However, there are clear disputes of fact as to the defendants' contention that Housing Works failed to cooperate in a "re-audit" attempted by the HRA after July 1997. The crux of the defendants' argument is that after an "exit conference" was conducted with regard to the July 1997 audit results, Housing Works agreed to submit to HRA its "restated books and records," a term defined by the City's accounting expert as records that would be "focused on the general ledger, which is the fundamental focal document in all accounting records" (Def. Exh. 57 (Eccleston Dep.) at 87). The defendants allege that neither the "trial balances" submitted to HRA Commissioner Barrios-Paoli on September 5, 1997 (Def. Exh. 103), nor the "allocation worksheets" and "summary allocation tables" submitted to Mr. Hiralall when he arrived at Housing Works' office to conduct a re-audit on October 1, 1997 (Def. Exhs. 109-11), constituted the promised "restated books and records."

However, Mr. Hiralall acknowledged in his affidavit that a discussion about the method of restating Housing Works' books and records took place at the August 5 exit conference, but that "[w]hen the meeting ended nothing was decided." (Hiralall Aff., ¶ 69). In his deposition, Housing Works' chief financial officer, Lawrence Scanlon, also testified that he took the position at the August 5 meeting that it would take six months to restate Housing Works' books because "we were talking about, for example, regenerating a general ledger, regenerating payroll registers, in effect, completely re-recording all of the transactions for two and-a-half years." (Def. Exh. 49 (Scanlon Dep.) at 85). Moreover, in a letter dated October 10, 1997 and addressed to Commissioner Barrios-Paoli, Housing Works' Executive Director, Mr. King, states that he asked HRA's Contracting Officer, Mr. Bonamarte, to explain "what was meant by restated books and records"; Mr. King was informed that "HRA expected to see new trial balances for every program of Housing Works, utilizing the uniform cost allocation plan for allocating all appropriate costs." (Def. Exh. 117).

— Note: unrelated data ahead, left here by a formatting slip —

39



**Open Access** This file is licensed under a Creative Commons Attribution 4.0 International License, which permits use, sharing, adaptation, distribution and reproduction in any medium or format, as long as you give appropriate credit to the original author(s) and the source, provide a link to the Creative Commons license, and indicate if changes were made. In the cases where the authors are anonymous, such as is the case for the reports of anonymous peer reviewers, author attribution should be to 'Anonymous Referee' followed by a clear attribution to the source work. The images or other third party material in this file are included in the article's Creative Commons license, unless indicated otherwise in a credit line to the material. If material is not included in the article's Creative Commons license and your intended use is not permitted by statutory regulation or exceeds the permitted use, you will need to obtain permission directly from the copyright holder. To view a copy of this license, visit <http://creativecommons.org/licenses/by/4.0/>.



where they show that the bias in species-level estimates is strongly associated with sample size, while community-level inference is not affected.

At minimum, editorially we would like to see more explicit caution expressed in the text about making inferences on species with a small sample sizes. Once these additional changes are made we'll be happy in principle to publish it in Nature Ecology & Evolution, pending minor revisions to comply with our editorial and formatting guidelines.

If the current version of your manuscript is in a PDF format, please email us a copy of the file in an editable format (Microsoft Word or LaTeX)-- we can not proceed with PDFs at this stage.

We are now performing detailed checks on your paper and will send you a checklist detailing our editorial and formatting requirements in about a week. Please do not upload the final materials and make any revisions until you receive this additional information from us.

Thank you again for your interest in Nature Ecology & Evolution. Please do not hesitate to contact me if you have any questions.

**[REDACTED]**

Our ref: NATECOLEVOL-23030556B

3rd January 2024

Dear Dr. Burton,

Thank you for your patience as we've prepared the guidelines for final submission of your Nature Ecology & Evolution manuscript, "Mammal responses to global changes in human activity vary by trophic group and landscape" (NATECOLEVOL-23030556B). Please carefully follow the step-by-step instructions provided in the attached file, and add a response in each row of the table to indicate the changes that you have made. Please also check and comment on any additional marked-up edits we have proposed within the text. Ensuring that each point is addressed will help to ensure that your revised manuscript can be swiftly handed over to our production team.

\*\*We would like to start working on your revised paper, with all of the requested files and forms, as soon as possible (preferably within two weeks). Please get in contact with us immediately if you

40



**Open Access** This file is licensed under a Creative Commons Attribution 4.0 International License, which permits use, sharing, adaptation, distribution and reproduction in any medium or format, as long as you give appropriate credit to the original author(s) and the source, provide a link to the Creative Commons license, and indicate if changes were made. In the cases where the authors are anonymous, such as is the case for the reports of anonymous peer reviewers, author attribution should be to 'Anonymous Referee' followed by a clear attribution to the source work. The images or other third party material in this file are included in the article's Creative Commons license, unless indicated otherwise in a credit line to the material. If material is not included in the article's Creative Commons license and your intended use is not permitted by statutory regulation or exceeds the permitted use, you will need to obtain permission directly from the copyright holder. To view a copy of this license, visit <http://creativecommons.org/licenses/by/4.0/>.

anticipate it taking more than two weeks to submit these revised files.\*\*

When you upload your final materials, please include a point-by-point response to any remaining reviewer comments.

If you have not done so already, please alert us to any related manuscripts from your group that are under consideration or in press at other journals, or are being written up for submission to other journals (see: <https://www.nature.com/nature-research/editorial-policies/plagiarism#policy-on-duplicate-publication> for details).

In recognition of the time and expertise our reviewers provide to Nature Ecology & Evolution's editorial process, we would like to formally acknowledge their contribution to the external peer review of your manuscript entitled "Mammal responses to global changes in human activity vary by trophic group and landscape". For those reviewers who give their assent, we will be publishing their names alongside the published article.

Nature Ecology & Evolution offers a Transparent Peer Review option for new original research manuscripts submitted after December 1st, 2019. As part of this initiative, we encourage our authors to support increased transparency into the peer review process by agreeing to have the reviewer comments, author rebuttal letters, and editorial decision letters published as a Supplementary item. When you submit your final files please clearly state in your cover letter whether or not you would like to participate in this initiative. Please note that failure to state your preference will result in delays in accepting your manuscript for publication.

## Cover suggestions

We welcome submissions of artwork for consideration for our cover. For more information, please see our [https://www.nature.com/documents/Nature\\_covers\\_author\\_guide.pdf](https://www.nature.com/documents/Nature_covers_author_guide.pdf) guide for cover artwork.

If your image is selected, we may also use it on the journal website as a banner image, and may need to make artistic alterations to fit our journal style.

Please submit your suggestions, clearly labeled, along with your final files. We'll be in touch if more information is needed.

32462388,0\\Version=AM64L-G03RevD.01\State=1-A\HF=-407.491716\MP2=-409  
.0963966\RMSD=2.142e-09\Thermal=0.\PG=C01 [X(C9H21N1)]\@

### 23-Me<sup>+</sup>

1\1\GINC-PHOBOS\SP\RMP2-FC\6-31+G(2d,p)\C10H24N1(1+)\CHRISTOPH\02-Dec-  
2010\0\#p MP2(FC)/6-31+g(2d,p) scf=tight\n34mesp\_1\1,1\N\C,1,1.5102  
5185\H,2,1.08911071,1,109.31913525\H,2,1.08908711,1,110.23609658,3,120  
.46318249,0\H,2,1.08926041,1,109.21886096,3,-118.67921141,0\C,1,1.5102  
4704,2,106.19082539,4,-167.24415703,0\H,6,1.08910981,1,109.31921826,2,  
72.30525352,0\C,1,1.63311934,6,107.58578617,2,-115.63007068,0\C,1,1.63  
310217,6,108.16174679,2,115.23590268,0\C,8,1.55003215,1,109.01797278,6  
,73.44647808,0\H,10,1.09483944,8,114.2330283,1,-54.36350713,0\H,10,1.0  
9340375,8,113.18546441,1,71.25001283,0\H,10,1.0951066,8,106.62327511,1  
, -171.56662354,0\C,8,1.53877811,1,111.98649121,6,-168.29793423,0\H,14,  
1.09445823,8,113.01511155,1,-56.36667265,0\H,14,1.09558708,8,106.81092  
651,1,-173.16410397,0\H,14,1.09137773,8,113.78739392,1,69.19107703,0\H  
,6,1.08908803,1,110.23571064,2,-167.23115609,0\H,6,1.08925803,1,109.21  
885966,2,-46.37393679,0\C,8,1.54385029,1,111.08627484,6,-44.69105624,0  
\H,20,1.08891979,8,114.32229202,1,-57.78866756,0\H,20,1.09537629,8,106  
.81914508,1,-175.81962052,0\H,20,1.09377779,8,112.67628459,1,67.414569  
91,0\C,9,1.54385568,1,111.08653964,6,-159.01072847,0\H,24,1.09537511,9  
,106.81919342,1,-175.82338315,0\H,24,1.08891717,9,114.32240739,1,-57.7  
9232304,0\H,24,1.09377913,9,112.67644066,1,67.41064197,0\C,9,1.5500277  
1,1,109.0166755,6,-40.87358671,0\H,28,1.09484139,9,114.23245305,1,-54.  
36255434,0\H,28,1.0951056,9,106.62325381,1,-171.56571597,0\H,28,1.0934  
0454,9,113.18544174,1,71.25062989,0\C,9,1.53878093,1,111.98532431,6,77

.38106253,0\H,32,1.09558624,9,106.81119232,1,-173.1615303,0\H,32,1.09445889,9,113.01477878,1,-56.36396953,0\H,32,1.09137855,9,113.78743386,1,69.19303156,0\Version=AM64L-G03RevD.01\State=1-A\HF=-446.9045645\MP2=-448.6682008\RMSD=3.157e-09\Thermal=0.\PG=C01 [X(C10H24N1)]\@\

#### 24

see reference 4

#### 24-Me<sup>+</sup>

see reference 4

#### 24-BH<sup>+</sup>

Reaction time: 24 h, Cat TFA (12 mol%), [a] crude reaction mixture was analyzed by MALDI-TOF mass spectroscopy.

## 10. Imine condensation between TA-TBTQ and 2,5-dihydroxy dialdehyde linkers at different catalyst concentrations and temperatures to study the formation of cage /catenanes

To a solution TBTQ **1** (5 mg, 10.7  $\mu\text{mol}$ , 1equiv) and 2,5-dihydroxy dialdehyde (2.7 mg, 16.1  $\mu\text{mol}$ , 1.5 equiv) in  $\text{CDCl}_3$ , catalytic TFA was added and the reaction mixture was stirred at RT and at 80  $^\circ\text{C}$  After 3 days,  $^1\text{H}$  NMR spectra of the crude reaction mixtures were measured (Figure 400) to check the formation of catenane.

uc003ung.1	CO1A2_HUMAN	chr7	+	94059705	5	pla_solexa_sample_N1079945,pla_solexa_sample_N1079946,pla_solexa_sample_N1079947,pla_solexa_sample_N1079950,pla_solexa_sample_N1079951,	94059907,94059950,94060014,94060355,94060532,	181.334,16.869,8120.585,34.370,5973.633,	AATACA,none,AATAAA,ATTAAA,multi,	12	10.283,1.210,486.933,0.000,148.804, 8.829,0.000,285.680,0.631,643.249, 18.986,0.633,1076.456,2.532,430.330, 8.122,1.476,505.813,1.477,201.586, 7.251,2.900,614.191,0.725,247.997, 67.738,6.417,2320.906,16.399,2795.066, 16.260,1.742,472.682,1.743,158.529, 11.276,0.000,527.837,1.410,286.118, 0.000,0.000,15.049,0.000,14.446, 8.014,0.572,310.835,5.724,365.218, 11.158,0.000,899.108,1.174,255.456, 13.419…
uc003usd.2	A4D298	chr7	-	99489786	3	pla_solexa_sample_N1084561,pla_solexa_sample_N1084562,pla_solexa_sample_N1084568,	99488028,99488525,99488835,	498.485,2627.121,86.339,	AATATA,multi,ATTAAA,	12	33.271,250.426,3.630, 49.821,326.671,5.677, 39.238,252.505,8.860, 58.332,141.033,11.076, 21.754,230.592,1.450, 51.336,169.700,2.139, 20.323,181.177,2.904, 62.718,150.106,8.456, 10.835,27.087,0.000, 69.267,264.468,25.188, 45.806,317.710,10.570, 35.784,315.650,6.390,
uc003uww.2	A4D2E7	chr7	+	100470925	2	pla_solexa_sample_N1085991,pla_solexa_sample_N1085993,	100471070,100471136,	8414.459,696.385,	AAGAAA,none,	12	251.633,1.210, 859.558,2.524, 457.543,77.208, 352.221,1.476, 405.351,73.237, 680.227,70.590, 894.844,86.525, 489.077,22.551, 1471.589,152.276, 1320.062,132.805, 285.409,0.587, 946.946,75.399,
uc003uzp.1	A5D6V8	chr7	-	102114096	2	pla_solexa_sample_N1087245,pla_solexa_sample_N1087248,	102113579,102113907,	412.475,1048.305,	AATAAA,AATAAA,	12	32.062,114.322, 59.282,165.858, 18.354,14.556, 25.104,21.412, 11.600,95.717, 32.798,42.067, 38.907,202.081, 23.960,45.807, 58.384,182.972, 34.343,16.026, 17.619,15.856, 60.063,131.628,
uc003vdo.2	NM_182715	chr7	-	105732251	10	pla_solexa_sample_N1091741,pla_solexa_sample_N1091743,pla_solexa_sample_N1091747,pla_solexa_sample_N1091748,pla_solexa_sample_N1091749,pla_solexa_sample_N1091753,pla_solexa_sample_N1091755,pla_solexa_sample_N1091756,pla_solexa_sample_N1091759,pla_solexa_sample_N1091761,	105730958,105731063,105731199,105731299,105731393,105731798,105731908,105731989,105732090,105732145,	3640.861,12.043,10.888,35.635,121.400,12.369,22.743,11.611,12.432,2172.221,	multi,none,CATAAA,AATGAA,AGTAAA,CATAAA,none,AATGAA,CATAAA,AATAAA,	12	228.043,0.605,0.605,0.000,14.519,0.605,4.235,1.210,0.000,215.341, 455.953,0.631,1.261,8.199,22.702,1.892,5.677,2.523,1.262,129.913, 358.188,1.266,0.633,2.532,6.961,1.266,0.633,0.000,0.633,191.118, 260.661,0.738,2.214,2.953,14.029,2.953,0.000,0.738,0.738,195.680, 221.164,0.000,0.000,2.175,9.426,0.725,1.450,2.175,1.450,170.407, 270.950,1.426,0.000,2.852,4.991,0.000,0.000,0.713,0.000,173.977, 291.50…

These facts therefore suggest that the method by which Housing Works was expected to "restate" its books had not been definitively decided by the parties. As this inference would negate the defendants' claim that the termination of Housing Works' contracts resulted from its failure to cooperate, their Mt. Healthy defense fails in this regard.